Assistive Technology Resource Centers of Hawaii (ATRC)
ATRC is a nonprofit whose mission is to link people with technology and empower individuals through its use. ATRC is also the State of Hawaii's designated AssistiveTechnology Act agency. Our primary role is as an education center for anyone interested in Assistive Technology. We do not sell products. We will recommend vendors if requested. We have been providing Assistive Technology Services for the state of Hawaii beginning in 1991! Wow, how technology has changed for all of us and we believe persons with disabilities have benefited tremendously. You can learn more about ATRC and Assistive Technology through this website, on our Facebook page and by contacting our office. We look forward to meeting you and assisting you in any way that makes Assistive Technology more familiar and usable for you. Take the opportunity to browse this site, see what we currently offer and contact us at any time for service, program information and assistance related to ASSISTIVE TECHNOLOGY.
Island Skill Gathering (ISG)
Offers an array of support services and product sales (assistive technology) for people who are Deaf, hard of hearing, and have speech disabilities such as TTYs (text telephones), FM listening systems and telephone/doorbell alerting systems. Also offers repair services for specific brands of TTYs.
Purple / P3
At Purple, we're dedicated to developing fast, easy and convenient communications solutions and services for Deaf and hard-of-hearing individuals and businesses using a variety of different platforms. As a leading provider of on-site interpreting services, video relay services (VRS), text relay services and video remote interpreting (VRI), Purple has built an excellent reputation for developing products and services that open communications between all people, regardless of differences in abilities, languages and locations. Because of our many innovations and firsts, including Internet relay, wireless relay, mobile communication apps, real local 10-digit number access for video and text relay customers and interpreting services, Purple continues to be a leader in the relay industry, allowing millions of people to enrich their lives through easy and accessible communications access.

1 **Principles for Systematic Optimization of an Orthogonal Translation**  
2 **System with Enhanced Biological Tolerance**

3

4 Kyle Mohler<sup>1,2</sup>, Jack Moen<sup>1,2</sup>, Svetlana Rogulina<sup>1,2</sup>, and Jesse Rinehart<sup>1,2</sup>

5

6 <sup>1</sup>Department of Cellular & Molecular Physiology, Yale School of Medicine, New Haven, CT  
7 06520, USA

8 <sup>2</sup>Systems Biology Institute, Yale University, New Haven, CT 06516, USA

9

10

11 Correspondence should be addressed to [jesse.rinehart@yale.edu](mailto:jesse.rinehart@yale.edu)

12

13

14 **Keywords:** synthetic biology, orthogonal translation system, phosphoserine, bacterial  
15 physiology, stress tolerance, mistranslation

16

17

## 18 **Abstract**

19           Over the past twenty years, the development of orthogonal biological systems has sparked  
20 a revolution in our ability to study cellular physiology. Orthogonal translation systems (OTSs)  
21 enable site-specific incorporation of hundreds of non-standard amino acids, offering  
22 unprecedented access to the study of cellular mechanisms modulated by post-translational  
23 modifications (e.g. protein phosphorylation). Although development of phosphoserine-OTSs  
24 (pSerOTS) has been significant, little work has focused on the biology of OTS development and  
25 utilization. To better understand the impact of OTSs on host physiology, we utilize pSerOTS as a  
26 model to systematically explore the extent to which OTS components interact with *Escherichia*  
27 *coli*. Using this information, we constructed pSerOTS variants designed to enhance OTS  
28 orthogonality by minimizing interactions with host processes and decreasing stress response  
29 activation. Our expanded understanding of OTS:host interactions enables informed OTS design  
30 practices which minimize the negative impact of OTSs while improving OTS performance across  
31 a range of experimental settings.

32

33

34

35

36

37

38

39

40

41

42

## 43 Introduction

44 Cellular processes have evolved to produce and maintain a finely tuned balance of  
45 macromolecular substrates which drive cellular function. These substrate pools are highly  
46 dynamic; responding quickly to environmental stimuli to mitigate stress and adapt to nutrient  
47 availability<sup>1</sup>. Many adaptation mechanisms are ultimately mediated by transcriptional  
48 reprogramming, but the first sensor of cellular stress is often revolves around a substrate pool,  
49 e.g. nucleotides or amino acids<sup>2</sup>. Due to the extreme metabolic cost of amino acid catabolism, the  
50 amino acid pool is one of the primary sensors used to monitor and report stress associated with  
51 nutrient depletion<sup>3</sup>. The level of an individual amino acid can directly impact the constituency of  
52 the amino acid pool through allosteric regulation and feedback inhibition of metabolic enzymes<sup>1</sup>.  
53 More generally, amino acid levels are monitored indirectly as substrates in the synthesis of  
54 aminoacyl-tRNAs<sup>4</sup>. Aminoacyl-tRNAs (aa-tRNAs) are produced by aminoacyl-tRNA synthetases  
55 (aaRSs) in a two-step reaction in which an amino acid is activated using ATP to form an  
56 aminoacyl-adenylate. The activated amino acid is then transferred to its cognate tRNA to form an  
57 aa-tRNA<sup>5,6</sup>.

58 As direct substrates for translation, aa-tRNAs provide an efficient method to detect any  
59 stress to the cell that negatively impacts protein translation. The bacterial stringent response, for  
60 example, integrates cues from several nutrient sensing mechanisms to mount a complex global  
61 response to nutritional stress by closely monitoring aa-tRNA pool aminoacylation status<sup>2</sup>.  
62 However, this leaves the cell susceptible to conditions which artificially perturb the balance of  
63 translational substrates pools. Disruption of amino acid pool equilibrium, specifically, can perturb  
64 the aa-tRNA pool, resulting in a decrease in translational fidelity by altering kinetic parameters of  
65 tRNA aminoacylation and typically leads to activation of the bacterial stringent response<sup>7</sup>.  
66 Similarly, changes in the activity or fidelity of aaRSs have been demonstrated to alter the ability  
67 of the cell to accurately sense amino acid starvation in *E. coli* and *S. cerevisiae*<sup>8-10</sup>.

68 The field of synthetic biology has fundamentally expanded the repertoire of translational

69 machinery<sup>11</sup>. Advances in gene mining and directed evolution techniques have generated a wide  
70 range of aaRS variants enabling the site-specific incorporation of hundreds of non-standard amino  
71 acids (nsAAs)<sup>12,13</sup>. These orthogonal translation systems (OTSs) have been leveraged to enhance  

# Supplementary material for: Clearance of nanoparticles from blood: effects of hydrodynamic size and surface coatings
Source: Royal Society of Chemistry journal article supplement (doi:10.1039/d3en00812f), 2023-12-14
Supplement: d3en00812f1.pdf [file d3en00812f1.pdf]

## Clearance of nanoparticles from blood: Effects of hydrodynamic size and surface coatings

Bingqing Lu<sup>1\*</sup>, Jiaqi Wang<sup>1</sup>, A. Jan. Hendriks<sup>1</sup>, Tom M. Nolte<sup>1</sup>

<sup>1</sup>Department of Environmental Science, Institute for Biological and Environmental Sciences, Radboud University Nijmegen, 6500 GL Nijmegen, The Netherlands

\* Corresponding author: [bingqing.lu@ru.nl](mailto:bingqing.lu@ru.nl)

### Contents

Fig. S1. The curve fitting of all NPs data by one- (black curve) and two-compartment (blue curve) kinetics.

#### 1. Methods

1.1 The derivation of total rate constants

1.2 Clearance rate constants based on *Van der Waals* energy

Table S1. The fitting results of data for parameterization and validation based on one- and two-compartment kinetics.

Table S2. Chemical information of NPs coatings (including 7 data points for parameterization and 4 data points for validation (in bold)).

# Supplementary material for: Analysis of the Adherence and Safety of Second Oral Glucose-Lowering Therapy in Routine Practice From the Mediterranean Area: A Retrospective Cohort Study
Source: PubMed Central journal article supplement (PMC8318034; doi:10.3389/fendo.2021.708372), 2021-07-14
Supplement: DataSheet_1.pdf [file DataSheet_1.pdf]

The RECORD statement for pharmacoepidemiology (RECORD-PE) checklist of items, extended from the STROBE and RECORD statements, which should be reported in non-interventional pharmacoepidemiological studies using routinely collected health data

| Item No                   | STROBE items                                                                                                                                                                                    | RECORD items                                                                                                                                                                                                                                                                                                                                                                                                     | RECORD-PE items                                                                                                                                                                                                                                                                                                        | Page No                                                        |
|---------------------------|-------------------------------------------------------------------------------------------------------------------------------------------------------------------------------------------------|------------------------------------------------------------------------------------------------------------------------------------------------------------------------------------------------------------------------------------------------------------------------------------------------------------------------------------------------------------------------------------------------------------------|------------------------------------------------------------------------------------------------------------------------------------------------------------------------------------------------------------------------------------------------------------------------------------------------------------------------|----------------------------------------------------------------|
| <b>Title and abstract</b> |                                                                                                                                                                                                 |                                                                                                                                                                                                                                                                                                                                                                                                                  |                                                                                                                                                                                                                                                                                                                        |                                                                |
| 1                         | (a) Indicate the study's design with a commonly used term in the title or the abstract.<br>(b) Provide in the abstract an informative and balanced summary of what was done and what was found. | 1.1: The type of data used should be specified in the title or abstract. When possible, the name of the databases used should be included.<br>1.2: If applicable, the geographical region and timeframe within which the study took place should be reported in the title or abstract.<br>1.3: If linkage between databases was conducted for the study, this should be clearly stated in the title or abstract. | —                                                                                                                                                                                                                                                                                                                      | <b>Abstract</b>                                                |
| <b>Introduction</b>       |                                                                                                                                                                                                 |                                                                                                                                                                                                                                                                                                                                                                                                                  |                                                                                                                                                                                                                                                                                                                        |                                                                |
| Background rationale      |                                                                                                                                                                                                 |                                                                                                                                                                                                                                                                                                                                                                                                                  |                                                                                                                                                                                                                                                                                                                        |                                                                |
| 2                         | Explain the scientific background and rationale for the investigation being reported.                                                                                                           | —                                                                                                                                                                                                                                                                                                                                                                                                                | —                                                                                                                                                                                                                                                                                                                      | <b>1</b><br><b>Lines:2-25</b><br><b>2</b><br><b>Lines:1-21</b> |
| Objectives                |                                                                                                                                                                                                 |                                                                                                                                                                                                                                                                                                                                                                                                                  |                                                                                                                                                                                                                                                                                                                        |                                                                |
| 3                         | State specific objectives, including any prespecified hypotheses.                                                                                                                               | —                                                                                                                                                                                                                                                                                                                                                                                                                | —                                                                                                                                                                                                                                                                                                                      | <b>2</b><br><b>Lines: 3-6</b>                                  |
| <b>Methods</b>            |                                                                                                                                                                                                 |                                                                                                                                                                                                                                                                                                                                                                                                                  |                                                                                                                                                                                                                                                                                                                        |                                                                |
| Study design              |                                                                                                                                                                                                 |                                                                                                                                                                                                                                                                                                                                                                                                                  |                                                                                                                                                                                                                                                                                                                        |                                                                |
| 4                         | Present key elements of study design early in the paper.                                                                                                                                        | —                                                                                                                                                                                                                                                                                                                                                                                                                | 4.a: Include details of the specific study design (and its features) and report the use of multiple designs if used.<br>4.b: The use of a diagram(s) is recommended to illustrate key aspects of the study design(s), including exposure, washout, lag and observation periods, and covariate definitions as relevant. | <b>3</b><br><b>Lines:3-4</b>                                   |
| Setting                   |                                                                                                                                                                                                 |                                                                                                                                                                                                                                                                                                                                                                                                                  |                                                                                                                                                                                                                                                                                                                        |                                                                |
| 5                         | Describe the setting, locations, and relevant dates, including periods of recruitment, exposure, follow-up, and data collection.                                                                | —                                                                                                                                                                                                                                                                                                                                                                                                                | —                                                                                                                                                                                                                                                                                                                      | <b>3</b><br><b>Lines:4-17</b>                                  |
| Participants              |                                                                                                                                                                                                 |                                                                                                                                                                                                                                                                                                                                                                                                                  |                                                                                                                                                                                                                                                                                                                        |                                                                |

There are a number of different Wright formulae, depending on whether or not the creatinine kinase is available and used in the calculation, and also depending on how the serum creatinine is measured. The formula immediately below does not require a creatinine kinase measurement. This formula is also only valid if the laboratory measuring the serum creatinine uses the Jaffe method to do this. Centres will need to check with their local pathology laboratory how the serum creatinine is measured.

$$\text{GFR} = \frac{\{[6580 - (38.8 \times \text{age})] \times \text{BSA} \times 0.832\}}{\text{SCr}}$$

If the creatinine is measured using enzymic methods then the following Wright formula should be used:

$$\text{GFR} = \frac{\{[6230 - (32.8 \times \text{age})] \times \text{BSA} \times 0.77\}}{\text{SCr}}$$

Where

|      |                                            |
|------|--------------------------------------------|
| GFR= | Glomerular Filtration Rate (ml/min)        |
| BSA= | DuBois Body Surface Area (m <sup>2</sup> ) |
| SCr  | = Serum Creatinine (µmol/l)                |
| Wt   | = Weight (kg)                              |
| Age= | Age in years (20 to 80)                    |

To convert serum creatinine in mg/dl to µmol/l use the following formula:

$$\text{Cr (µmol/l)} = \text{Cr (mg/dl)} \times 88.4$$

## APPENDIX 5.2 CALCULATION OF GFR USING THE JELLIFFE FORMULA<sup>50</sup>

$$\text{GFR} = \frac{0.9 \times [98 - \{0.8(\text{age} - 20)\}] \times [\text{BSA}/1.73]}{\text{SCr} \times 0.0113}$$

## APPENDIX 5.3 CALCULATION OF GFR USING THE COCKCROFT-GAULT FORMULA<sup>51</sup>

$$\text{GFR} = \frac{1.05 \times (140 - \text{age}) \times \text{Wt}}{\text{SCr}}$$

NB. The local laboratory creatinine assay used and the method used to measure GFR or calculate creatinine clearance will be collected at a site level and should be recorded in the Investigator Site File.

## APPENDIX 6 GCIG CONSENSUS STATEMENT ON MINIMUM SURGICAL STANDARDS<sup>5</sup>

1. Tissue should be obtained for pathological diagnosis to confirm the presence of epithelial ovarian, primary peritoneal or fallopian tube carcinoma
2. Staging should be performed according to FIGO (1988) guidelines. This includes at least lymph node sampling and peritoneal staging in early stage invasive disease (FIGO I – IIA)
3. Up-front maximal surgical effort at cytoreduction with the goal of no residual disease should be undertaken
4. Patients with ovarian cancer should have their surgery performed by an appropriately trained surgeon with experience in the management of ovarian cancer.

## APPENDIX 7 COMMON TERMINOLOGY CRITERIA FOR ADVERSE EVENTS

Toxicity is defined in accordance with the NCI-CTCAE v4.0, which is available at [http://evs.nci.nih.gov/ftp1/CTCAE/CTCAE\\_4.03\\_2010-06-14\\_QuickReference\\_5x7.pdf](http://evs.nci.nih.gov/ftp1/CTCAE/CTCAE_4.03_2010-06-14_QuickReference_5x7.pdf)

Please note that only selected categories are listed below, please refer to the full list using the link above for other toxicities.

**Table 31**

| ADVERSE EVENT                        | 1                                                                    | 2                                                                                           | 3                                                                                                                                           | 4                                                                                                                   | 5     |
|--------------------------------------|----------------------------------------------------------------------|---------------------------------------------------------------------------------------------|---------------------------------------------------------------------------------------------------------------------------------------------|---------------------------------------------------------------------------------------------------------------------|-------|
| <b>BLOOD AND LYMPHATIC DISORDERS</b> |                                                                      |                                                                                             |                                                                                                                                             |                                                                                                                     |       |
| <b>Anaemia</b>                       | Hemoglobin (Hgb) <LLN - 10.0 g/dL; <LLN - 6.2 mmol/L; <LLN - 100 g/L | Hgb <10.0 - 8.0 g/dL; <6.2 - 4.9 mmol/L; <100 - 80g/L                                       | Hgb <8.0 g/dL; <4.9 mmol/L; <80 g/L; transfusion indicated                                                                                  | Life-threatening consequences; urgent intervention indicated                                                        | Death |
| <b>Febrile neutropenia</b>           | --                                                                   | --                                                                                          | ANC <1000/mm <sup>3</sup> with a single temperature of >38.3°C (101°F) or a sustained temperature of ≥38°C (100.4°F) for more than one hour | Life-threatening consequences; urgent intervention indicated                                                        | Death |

Relay Hawaii / Sprint Relay
Relay Hawaii is a service overseen by the Hawaii Public Utilities Commission that provides full telephone accessibility to people who are deaf, hard-of-hearing, deaf-blind, and speech-disabled. Relay Hawaii provides the equipment and the service free of charge to all qualified residents of Hawai`i or kama`aina. Relay Hawaii allows the people of Hawai`i or kama’aina to communicate with friends, ohana, and anyone over the phone using text-telephone (TTY), captioned telephone (CapTel), online, and wireless relay services through specially trained relay operator.
Sorenson Communications provides world-class communications products and services that break down communication barriers between deaf, hard-of-hearing, and hearing individuals. Sorenson Communications offers the Sorenson VP-200 videophone, Sorenson Video Relay Service (SVRS), and Sorenson IP Relay (SIPRelay) SVRS empowers the deaf and hard-of-hearing community to communicate with both, deaf and hearing family, friends or business contacts using video relay service. This free, 24-hour service empowers you to place and receive calls with a professional American Sign Language (ASL) interpreter via a videophone and a high-speed Internet connection. In addition, the services enable hearing callers to contact deaf or hard-of-hearing individuals as well.